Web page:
A flock of followers is easy to fake

A flock of followers is easy to fake

Two weeks ago, a friend who runs a part-time dessert catering business told me a disturbing, if not familiar, story.

A young blogger had approached her and asked her to sponsor his upcoming 21st birthday party. In return for her lovely macaroons and delicious lemon tarts, the Birthday Boy promised her $800 worth of exposure.

Ignoring the self-entitled attitude that somehow equates publicity with a free meal, she looked up this puffed-up self-promoter on Instagram and saw he was peddling food pictures alongside selfies.

She turned him down, but not before finding out that he had also pitched the same "deal" to another friend of ours, who runs an artisanal cake business.

When that baker also turned him down, his response was that it was her loss, as other brands, more well-known than hers, had already signed up to cater for his party.

We joked about the current state of things, where some bloggers with free time on their hands feel entitled to solicit freebies and get upset when business people have the nerve - and the good sense - to spurn them.

A typical proposal might go like this. The blogger would say: "Give me a free meal at a restaurant or a free stay at a hotel. In exchange, I will post pictures of your food/hotel on Twitter, Pinterest, Instagram or Facebook."

My friends and I laughed at these stories and they were all but forgotten, until last week, when the great Instagram purge took place.

The photo-sharing social network culled spam accounts, otherwise known as fake accounts, which had been created in part to inflate the number of Instagram followers that some users were reporting.


No one was spared in the global purge. Singer Justin Bieber lost 3.5 million followers, while reality star Kim Kardashian lost 1.3 million. Singer Akon lost more than half of his 4.3 million followers and was left with a mere 1.9 million.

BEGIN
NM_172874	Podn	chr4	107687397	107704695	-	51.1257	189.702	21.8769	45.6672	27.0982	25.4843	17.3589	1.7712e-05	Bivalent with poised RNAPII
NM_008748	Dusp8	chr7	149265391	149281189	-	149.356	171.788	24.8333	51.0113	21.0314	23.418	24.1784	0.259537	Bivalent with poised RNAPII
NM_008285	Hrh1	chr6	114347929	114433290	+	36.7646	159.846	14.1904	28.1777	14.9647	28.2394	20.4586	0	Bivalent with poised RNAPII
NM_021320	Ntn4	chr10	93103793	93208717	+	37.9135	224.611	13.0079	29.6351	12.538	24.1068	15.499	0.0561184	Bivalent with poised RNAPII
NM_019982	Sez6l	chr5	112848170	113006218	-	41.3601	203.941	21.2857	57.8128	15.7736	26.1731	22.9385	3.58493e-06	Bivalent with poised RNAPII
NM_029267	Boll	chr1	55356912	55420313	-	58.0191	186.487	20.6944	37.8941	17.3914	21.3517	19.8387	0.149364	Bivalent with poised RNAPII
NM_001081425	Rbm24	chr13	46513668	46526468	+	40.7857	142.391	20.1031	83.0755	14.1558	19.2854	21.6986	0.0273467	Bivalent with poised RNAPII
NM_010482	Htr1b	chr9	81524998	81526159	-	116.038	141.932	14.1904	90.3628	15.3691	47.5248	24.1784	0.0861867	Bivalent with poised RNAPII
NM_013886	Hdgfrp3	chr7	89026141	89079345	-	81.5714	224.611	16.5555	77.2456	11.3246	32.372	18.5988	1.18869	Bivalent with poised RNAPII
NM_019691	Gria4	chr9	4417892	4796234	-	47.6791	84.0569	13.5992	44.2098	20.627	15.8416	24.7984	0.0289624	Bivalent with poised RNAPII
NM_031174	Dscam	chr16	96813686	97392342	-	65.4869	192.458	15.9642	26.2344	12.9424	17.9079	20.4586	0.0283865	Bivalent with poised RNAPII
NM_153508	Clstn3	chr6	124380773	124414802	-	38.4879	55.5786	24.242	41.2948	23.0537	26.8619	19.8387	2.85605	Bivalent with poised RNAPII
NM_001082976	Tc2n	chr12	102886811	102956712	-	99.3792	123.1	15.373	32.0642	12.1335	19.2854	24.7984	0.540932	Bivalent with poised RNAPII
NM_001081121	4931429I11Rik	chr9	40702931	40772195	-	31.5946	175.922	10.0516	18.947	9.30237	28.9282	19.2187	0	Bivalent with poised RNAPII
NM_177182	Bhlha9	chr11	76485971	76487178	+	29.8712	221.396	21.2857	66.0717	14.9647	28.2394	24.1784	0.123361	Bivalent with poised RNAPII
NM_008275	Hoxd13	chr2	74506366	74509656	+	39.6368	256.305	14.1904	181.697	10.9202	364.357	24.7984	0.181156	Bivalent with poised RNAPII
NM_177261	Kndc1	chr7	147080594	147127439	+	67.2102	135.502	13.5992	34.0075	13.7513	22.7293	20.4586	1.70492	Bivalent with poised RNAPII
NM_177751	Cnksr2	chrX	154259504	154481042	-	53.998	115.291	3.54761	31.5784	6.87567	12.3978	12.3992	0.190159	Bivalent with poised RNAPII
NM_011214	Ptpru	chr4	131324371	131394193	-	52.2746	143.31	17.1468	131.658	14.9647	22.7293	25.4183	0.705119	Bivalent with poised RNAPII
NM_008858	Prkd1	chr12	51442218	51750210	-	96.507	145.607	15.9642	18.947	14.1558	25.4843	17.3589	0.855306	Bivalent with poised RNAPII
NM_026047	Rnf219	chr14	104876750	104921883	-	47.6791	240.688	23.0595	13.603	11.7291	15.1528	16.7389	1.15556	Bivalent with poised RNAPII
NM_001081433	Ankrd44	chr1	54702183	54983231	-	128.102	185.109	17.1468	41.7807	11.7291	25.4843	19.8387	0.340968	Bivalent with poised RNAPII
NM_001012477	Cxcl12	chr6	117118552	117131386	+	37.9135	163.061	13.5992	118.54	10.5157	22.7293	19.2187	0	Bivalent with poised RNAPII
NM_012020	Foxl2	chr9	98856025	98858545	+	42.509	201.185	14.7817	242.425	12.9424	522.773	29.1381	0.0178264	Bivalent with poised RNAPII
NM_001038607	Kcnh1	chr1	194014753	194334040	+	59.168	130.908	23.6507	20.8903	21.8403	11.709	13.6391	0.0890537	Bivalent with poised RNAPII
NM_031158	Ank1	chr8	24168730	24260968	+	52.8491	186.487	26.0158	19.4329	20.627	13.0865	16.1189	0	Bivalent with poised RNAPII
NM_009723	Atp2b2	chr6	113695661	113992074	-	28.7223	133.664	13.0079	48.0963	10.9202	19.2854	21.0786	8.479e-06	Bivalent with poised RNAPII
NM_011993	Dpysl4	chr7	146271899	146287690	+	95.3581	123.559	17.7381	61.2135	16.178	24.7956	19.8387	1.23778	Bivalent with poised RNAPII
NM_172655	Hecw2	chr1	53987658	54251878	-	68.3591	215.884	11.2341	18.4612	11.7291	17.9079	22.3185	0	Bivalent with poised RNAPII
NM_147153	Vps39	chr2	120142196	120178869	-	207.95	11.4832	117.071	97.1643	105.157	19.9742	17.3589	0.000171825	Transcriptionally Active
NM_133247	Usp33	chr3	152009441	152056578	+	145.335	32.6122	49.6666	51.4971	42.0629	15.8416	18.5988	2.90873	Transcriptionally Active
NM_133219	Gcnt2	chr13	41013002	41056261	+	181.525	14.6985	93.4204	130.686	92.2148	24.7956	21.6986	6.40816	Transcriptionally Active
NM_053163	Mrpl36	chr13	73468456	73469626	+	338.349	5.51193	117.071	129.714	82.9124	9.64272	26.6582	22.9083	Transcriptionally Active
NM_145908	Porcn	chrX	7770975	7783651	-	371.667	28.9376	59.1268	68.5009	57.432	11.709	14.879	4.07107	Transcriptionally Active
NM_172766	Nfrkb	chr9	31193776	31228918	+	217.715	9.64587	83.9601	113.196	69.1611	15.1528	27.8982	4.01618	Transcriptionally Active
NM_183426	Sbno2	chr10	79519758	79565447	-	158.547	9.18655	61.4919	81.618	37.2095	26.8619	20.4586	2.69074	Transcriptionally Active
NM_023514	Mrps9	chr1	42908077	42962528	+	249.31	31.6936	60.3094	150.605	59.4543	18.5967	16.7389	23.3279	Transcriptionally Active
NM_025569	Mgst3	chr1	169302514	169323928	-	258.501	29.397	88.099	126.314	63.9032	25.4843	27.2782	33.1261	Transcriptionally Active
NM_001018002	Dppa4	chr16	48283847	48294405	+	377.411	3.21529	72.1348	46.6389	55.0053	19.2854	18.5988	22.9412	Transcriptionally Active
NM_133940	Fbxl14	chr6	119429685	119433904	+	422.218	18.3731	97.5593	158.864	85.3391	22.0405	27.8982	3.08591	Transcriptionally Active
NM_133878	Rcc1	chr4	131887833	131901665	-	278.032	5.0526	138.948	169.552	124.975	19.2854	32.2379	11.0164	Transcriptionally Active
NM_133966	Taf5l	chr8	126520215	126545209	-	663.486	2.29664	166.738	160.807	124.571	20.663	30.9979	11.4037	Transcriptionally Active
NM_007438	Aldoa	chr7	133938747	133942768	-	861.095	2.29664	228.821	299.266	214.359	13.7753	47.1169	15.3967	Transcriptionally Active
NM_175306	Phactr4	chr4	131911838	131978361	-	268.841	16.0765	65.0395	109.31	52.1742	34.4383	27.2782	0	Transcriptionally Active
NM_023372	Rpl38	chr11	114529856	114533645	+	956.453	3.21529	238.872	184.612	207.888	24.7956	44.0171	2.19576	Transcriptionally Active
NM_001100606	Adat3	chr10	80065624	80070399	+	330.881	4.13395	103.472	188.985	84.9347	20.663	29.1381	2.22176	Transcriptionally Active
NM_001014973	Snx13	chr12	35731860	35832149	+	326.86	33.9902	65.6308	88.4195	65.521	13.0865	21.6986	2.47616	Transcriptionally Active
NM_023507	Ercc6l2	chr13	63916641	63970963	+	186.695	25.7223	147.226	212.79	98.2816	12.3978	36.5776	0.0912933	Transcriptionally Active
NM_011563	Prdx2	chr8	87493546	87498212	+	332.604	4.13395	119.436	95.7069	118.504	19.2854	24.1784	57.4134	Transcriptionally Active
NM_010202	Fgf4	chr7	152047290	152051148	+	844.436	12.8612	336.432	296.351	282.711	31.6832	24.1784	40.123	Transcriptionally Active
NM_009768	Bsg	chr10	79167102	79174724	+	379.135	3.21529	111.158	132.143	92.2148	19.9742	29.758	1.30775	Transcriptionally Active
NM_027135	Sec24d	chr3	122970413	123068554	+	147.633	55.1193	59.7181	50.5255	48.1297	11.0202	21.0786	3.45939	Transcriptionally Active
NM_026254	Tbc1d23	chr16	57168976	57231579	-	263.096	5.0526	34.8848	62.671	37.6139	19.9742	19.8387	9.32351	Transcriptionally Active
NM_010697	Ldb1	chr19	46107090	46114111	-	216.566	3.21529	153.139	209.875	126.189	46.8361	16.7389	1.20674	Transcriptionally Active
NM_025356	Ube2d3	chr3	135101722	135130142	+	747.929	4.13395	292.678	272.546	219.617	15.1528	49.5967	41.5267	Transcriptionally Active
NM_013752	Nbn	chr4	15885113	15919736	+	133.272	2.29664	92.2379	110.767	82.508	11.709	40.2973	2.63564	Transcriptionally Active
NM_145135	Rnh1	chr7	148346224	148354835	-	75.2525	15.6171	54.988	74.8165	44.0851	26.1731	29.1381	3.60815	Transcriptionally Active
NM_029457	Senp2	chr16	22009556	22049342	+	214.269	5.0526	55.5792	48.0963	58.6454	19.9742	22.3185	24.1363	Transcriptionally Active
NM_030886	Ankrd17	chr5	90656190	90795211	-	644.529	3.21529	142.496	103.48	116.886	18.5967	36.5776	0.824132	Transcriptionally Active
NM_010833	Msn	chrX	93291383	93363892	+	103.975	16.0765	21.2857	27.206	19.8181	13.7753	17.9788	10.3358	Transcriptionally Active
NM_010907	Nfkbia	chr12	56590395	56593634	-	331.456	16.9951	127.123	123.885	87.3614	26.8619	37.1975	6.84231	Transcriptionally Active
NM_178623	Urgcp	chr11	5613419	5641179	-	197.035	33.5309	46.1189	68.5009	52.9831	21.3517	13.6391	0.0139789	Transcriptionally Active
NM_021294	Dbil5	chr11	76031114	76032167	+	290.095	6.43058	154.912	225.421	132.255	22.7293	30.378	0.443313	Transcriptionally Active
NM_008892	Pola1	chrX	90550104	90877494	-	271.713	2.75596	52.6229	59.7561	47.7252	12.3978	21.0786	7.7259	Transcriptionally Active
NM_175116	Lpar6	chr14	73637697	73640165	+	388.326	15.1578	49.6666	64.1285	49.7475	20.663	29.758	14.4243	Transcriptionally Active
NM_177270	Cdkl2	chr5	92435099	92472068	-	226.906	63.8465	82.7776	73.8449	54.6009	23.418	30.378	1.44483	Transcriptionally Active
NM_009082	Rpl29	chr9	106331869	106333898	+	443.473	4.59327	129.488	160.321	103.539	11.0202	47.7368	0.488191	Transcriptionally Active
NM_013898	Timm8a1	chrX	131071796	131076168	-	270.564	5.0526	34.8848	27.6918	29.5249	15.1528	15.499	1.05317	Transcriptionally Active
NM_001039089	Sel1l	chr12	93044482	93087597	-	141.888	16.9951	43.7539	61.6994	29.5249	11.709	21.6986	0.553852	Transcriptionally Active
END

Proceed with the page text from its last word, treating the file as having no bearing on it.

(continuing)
Rapper Ma$e lost 1.5 million followers overnight and chose to delete his account, rather than connect with the remaining 100,000 followers.

Singapore bloggers were not spared. Popular ones such as Wendy Cheng, a.k.a. Xiaxue, lost 30,000 followers overnight (about 5 per cent), while Dawn Yang saw her Instagram numbers slide by 21,000 (about 25 per cent).

As for Birthday Boy, the blogger who approached my friends, his 4,400 following was slashed to 2,400.

In the digital world of social networking, everyone needs a new and concrete gauge for measuring success. This has opened up fresh avenues for some to try gaming the system to boost their numbers.

On Twitter, the most brazen will offer to sell you "followers". The less obvious ones ask for - or expect- a follow back when they start following you.

On Facebook, Page managers for brands are attempting to find new ways to engage followers with contests and viral posts. While some hate them, they have proven effective at times. I know that as I manage Digital Life's Facebook page.

There have long been calls to Facebook and Twitter to cull the fake accounts. Instagram's move, while angering those who are trying to con the system, is much appreciated.

But it cannot be a one-time cull. The policing has to be done continuously or at least periodically.

On Sunday night, Birthday Boy's Instagram account reported an incredible surge and now has 5,000 followers. At this rate, he could rack up 250,000 followers in under three months.

If anyone knows how he is managing to grow his following so quickly, legitimately, please share the information with me.

I will even throw in a free meal.


This article was first published on Dec 24, 2014.
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